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Stroke. 2003 Jun;34(6):1553-66. Epub 2003 May 8.

Functional neuroimaging studies of motor recovery after stroke in adults: a review.

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Department of Neurology, University of Cambridge, Cambrid, UK.



The precise mechanisms of and biological basis for motor recovery after stroke in adults are still largely unknown. Reorganization of the motor system after stroke as assessed by functional neuroimaging is an intriguing but challenging new field of research. Provocative but equivocal findings have been reported to date.


We present an overview of functional neuroimaging studies (positron emission tomography or functional MRI) of motor tasks in patients recovered or still recovering from motor deficit after stroke. After a brief account of the connectivity of motor systems and the imaging findings in normal subjects, the literature concerning stroke patients is reviewed and discussed, and a general model is proposed.


Both cross-sectional and longitudinal studies have demonstrated that the damaged adult brain is able to reorganize to compensate for motor deficits. Rather than a complete substitution of function, the main mechanism underlying recovery of motor abilities involves enhanced activity in preexisting networks, including the disconnected motor cortex in subcortical stroke and the infarct rim after cortical stroke. Involvement of nonmotor and contralesional motor areas has been consistently reported, with the emerging notion that the greater the involvement of the ipsilesional motor network, the better is the recovery. This hypothesis is supported by the enhanced activity of the ipsilesional primary motor cortex induced by motor training and acute pharmacological interventions, in parallel with improved motor function. Further longitudinal studies assessing the relationships between such changes and actual recovery, as well as manipulating such changes by rehabilitation or pharmacological maneuvers, should provide further information on these fundamental questions. This review closes with some perspectives for future research.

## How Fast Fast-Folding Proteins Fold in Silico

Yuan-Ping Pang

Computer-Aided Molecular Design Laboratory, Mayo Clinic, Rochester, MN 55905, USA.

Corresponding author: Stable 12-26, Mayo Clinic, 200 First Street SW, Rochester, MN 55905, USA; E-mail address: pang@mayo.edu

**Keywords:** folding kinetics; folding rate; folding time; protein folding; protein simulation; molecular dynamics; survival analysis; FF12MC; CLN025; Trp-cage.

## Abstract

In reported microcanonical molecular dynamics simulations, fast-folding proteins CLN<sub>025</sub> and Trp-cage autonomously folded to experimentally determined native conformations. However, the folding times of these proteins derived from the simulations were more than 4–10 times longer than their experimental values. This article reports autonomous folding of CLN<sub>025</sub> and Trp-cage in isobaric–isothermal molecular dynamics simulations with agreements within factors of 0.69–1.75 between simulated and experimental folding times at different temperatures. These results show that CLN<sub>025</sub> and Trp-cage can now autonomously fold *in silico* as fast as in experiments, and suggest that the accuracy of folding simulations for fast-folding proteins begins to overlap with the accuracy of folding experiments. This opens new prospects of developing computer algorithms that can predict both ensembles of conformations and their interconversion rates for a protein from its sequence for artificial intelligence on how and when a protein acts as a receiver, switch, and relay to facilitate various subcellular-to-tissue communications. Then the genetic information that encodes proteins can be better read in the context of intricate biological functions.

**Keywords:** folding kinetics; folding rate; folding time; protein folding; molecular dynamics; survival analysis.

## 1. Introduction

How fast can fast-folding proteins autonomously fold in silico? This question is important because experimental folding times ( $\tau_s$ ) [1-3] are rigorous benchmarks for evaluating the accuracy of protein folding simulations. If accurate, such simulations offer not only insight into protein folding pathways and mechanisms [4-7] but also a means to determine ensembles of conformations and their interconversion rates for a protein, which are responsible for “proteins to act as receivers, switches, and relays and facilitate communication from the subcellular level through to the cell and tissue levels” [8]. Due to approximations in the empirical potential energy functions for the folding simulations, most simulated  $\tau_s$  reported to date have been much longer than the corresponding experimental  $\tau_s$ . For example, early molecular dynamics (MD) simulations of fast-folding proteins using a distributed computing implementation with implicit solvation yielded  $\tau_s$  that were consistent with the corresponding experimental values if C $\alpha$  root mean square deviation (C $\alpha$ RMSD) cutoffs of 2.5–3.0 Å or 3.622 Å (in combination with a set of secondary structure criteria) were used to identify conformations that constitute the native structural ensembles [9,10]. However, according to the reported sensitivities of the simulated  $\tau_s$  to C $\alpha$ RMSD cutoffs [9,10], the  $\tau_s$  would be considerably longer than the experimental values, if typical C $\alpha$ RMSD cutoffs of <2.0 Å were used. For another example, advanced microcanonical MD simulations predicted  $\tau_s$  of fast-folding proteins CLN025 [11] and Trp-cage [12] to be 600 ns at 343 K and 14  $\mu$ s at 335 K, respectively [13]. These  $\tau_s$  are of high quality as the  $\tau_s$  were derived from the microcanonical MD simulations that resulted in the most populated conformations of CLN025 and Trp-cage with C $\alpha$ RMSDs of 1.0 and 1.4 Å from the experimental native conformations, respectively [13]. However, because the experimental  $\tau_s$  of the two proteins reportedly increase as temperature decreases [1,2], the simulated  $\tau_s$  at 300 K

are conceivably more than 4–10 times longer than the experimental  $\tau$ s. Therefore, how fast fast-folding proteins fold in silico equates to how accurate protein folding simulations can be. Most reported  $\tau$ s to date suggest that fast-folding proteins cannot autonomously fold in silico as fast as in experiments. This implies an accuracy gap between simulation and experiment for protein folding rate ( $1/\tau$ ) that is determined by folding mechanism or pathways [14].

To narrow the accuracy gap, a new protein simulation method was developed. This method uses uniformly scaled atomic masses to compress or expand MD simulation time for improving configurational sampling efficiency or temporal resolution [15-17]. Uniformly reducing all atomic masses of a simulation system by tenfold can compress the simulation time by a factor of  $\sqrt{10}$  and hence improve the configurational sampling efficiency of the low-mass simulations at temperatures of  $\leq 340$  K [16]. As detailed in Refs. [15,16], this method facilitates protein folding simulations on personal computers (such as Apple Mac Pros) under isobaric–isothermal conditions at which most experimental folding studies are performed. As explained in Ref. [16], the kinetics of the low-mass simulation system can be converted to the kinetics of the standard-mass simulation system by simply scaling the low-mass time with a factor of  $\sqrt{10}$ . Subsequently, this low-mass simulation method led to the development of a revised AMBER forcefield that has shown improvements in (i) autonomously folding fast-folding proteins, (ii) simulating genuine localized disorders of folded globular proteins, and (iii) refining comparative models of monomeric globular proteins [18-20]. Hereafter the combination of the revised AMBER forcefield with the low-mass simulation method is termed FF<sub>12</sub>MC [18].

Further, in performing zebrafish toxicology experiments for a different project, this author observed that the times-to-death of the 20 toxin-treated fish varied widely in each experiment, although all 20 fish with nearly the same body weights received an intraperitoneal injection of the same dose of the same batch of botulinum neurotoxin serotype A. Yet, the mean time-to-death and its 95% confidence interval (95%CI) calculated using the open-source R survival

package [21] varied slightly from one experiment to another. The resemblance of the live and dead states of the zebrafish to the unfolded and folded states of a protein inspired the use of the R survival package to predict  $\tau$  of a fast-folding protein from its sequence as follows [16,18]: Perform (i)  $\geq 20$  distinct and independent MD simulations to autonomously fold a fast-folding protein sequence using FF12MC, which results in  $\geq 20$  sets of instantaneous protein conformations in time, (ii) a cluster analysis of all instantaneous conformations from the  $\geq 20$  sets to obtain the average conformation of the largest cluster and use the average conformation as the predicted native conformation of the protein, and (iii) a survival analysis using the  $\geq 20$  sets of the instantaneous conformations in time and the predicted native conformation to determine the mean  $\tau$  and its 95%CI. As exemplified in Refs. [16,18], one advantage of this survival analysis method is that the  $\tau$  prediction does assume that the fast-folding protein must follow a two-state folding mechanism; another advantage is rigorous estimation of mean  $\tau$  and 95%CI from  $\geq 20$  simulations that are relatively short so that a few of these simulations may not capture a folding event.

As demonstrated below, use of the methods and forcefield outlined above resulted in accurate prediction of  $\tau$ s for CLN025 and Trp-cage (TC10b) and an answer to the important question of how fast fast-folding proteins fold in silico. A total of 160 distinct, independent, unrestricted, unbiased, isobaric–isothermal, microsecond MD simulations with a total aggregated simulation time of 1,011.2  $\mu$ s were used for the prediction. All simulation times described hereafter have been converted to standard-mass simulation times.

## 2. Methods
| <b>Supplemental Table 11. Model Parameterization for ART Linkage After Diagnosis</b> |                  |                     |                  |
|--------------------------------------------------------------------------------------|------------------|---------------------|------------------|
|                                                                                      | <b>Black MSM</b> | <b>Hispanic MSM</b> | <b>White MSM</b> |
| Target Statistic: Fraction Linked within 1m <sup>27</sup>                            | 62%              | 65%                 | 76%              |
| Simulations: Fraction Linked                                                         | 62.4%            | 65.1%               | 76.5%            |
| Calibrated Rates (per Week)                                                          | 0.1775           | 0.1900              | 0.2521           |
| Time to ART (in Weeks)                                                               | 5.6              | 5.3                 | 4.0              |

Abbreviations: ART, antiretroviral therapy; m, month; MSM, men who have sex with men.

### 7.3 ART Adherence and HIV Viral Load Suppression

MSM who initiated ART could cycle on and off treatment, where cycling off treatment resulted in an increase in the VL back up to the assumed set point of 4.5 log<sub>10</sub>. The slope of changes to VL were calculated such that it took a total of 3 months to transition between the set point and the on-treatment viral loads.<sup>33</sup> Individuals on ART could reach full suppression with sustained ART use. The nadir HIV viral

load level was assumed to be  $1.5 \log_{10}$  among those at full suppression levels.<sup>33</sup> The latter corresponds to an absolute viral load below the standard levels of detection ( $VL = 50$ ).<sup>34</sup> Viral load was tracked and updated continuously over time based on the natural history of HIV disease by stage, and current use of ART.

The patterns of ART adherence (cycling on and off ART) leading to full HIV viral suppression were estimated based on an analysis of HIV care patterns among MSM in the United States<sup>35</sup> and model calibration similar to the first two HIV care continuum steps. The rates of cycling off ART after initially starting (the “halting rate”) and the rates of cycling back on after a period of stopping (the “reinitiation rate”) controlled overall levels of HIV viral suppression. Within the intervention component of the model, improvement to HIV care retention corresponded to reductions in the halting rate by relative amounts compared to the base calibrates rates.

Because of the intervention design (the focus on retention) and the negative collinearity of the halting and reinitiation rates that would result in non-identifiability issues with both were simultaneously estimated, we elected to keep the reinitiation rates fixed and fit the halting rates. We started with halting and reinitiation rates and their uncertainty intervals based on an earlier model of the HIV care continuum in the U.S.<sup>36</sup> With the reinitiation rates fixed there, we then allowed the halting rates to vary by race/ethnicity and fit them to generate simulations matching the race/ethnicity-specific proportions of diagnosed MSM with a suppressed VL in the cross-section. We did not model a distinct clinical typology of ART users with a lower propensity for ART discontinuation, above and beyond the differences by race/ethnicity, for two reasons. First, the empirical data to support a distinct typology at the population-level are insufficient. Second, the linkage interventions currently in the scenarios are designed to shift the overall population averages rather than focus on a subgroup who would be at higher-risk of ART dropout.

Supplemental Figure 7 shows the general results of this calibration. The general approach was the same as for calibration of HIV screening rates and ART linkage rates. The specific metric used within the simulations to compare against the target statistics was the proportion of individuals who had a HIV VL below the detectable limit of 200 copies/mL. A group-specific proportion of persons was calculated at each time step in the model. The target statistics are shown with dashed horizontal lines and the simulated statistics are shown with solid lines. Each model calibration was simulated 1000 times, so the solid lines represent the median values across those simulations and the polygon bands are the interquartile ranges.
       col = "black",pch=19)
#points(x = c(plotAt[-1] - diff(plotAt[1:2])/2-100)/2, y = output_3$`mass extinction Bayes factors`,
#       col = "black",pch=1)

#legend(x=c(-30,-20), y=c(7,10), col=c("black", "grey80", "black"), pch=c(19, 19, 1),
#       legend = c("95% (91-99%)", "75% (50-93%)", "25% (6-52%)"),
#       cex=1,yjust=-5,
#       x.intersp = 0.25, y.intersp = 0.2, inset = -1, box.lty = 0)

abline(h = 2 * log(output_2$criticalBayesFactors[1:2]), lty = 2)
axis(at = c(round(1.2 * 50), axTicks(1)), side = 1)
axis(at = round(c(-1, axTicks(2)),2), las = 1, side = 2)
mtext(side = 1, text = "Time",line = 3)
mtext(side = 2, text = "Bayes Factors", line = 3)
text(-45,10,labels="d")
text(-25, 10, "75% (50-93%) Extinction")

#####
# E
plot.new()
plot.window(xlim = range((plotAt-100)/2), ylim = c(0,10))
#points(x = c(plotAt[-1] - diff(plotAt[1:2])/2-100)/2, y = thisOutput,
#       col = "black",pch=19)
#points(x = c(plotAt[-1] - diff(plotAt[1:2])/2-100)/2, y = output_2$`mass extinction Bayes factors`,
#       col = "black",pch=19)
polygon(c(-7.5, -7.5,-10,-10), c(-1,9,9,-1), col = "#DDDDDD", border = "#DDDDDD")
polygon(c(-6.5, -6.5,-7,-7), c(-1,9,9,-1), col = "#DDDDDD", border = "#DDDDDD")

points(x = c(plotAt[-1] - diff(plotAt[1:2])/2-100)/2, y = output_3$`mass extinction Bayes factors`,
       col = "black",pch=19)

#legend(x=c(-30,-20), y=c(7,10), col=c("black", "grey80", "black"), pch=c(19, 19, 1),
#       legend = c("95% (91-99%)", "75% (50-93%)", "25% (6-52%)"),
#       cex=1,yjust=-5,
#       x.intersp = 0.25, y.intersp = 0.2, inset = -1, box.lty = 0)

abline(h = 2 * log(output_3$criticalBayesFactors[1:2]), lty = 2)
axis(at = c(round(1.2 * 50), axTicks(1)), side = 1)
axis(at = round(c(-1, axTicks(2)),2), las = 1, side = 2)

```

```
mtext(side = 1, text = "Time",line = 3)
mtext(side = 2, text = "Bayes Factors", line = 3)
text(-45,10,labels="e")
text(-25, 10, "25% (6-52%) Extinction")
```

[Indexed for MEDLINE]

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